Education, my parents always said, is everything. Neither graduated from college themselves: my father left community college after a semester and, for lack of money, my mother never went. There’s no higher calling than academia, they told me, and there’s no better way to move up in the world.
While pop culture gives us an influential and problematic script, it’s not pop culture’s fault when we don’t seek consent. It’s on us as individuals to take that one moment to seek clear and enthusiastic consent; we as individuals have the power to flip the script on the media’s norms.
At this time, we must clarify that we are not and cannot speak on behalf of the entire black community. We are but one section of it, and we have something to say.
It’s often the case that, as Washington University students, we look at various issues that happen at other schools and dismiss them. We say, “That doesn’t happen at Wash. U.” Maybe it’s because we think that Wash. U. students are a different breed of college student—we’re studious, we’re hardworking and we’re oh-so-nice!—that we think that sexual assault isn’t an issue.
Ferguson has challenged us all to reflect on our responsibilities as citizens. It can be argued that one of the most important and cherished right of Americans is the right to vote. Voting empowers the citizenry and strengthens communities. So what is one way that we can prevent another Ferguson?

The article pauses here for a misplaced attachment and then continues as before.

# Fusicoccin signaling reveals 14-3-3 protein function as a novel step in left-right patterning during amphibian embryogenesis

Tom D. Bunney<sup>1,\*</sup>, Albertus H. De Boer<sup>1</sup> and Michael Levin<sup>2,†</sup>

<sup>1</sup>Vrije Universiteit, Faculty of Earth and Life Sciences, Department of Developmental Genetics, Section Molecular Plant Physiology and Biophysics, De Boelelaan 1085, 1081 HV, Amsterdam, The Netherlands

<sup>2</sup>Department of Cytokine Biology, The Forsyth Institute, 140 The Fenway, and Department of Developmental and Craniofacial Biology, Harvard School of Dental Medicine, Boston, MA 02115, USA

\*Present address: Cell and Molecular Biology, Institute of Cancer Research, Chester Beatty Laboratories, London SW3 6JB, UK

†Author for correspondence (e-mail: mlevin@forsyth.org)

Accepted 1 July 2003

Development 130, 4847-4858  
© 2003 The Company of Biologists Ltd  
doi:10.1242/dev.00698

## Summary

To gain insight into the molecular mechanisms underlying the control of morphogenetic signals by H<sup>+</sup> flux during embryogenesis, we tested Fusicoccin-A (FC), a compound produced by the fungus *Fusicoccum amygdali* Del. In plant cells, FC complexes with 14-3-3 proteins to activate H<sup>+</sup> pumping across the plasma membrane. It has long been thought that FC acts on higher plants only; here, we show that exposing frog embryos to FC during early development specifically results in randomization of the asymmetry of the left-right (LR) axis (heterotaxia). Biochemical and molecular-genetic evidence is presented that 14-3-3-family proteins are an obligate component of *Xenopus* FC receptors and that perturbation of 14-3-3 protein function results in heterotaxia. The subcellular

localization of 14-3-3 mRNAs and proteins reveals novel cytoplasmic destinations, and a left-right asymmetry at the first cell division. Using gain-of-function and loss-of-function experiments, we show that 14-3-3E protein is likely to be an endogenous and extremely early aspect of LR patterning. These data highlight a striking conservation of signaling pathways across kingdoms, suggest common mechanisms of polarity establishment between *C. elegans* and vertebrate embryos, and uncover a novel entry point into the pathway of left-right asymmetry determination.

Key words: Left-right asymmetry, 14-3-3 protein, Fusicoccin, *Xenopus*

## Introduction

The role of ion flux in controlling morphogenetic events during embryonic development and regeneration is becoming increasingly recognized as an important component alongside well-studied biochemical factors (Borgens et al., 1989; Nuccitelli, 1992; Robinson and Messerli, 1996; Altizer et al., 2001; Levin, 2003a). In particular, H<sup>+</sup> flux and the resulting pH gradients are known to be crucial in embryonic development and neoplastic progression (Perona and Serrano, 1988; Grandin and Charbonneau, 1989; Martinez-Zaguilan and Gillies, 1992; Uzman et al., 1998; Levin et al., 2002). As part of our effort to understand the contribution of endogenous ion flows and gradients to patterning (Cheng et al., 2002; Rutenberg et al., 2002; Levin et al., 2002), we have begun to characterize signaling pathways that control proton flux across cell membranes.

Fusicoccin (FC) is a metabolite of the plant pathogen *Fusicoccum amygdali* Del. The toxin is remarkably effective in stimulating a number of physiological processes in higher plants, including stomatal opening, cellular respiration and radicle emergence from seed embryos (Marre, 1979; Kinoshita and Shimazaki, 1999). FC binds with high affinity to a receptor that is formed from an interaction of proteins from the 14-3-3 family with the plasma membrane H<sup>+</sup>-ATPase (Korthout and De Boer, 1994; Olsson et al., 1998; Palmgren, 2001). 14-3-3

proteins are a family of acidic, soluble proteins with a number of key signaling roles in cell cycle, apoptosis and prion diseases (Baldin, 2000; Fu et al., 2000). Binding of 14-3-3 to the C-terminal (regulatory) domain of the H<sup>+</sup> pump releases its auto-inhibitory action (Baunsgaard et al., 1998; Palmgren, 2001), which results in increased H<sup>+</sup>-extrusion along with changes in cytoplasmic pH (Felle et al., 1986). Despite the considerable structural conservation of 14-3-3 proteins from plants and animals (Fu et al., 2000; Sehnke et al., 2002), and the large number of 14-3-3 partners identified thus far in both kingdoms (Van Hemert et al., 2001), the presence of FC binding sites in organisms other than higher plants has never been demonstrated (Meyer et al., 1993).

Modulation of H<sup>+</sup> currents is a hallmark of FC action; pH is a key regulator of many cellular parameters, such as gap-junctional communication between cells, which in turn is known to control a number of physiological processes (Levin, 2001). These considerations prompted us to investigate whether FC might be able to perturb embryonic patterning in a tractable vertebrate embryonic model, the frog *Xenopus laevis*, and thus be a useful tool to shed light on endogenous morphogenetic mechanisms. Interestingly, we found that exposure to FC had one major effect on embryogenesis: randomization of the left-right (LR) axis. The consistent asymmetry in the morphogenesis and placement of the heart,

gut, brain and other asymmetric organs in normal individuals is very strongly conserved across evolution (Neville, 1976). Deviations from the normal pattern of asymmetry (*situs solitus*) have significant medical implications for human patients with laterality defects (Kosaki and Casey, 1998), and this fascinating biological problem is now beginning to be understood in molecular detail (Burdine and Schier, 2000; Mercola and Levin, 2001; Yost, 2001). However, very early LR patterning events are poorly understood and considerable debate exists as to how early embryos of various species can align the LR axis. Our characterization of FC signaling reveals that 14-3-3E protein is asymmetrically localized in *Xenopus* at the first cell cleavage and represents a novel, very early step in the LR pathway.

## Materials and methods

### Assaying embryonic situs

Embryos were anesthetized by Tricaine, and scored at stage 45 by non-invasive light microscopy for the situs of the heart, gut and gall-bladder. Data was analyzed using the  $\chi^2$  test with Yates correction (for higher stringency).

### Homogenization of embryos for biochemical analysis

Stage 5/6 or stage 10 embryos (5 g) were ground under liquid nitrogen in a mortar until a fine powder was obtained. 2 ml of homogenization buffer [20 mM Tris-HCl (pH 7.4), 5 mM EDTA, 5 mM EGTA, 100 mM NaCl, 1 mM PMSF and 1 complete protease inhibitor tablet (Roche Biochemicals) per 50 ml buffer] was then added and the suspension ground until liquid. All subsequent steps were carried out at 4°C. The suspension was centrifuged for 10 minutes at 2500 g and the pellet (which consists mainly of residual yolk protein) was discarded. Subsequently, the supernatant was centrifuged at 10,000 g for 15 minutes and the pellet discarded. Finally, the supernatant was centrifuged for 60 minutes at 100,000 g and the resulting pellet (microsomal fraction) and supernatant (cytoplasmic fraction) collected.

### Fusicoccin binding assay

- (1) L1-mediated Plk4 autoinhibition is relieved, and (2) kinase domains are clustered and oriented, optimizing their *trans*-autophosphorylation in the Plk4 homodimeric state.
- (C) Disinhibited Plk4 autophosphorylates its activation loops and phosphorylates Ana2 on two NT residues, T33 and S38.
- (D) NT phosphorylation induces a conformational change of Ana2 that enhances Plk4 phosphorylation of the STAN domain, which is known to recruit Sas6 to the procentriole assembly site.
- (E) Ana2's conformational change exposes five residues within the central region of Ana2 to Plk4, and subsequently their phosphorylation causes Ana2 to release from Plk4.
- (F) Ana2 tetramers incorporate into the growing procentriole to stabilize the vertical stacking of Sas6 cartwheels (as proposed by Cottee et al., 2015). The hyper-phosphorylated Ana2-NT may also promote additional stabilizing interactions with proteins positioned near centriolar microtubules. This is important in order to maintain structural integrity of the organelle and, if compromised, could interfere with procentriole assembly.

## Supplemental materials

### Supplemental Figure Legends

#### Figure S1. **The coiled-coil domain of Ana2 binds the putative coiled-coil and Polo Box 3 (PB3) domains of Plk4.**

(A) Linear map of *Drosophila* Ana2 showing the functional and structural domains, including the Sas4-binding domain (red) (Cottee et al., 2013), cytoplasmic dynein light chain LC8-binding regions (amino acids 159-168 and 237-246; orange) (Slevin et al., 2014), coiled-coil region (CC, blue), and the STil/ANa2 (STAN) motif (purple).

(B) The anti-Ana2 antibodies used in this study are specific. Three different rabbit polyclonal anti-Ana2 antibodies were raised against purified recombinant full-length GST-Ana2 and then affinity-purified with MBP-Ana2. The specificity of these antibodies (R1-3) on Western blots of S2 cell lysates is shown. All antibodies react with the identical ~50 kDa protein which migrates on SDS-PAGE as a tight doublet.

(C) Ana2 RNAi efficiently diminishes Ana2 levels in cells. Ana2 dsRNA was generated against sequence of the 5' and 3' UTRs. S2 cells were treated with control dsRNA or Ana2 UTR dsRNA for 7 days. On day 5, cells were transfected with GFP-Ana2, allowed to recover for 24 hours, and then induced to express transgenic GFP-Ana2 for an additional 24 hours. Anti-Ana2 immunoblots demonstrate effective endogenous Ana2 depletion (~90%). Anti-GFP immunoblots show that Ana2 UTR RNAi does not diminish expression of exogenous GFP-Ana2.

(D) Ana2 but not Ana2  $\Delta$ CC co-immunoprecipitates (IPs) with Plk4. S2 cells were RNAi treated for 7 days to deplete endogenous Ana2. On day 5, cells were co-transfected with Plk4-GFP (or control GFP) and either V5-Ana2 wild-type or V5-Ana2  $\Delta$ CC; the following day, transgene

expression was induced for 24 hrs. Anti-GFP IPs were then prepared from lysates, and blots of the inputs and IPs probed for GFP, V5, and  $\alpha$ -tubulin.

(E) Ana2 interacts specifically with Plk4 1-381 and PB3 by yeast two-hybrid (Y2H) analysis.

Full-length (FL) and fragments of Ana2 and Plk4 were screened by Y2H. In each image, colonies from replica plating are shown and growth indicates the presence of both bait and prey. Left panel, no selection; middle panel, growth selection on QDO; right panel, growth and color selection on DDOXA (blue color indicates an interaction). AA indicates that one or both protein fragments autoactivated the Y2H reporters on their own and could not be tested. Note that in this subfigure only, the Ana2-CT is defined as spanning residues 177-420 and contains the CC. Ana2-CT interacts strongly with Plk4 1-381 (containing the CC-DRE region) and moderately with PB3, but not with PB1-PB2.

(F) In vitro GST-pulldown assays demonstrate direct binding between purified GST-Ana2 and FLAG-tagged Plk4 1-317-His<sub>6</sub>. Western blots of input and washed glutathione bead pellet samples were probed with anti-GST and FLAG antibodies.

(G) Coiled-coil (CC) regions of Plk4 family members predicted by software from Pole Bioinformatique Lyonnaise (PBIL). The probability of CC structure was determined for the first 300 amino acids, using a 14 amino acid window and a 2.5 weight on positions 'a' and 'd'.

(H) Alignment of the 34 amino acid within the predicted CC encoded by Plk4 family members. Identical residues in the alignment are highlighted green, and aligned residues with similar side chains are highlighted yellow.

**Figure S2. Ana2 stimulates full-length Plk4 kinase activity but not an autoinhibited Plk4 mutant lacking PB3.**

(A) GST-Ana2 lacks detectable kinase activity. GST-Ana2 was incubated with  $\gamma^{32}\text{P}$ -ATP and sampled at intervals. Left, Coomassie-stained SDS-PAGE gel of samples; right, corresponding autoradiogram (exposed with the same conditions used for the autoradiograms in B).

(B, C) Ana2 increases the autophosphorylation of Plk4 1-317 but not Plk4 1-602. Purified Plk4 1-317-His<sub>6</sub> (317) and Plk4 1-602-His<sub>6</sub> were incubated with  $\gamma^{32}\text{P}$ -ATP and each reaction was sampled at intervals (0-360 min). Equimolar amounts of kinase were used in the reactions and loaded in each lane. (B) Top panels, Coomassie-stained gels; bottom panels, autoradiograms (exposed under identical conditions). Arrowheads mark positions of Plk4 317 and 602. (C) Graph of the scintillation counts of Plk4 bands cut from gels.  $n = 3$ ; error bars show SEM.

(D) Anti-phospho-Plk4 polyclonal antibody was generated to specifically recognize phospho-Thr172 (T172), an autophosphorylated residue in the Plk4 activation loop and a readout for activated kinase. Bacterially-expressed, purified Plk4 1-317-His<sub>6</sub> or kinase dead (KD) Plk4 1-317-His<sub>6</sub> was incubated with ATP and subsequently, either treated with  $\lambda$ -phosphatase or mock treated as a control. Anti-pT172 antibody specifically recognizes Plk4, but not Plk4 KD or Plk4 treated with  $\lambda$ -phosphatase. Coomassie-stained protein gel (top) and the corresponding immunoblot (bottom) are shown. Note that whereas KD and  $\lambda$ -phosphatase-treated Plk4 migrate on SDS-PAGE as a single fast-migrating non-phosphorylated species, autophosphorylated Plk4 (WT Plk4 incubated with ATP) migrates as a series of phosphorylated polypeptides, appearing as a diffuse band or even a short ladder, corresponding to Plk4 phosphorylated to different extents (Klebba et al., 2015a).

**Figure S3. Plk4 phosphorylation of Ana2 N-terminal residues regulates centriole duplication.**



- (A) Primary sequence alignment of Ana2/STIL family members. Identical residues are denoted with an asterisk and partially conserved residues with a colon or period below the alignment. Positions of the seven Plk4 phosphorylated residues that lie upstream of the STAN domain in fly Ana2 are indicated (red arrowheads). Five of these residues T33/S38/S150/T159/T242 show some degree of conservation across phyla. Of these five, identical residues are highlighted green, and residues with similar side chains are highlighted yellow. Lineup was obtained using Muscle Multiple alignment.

On Jan. 15, Washington University announced a plan to increase the number of Pell-eligible students it supports to 13 percent of the student body by 2020. This commitment, which partially fulfills the demands of our November petition, is long overdue, and WU/FUSED commends the administration’s efforts in this area.
The model minority myth gives us this privilege but simultaneously oppresses us because we have internalized this myth; we see ourselves as the “good” minority, which prevents us from creating solidarity with other people of color. Because of this myth, anti-black racism and a strong belief in a meritocratic society permeate our community and have been used to justify our absence from this movement.
As you may be aware, the adjunct faculty at Washington University are preparing for a union election in order to collectively bargain for better working conditions. Some of you may not be aware of what an “adjunct instructor” is exactly. You may be taking classes with one, but do not realize it.
Yes, I know what you might be thinking: “Oh, poor millionaire white man. How hard it must be to be the figurehead of a massive amount of resources.” And you are right: feeling any semblance of sympathy for my complex job as chancellor is ludicrous. Yet I maintain it is a difficult position.
Student Union and S.A.R.A.H. are proud to announce “It’s On Us, Wash U”: a campaign designed to spark conversation about sexual assault at Washington University and make a pledge to improve our campus culture. “It’s On Us, Wash U” makes the University a part of the White House’s “It’s On Us” campaign.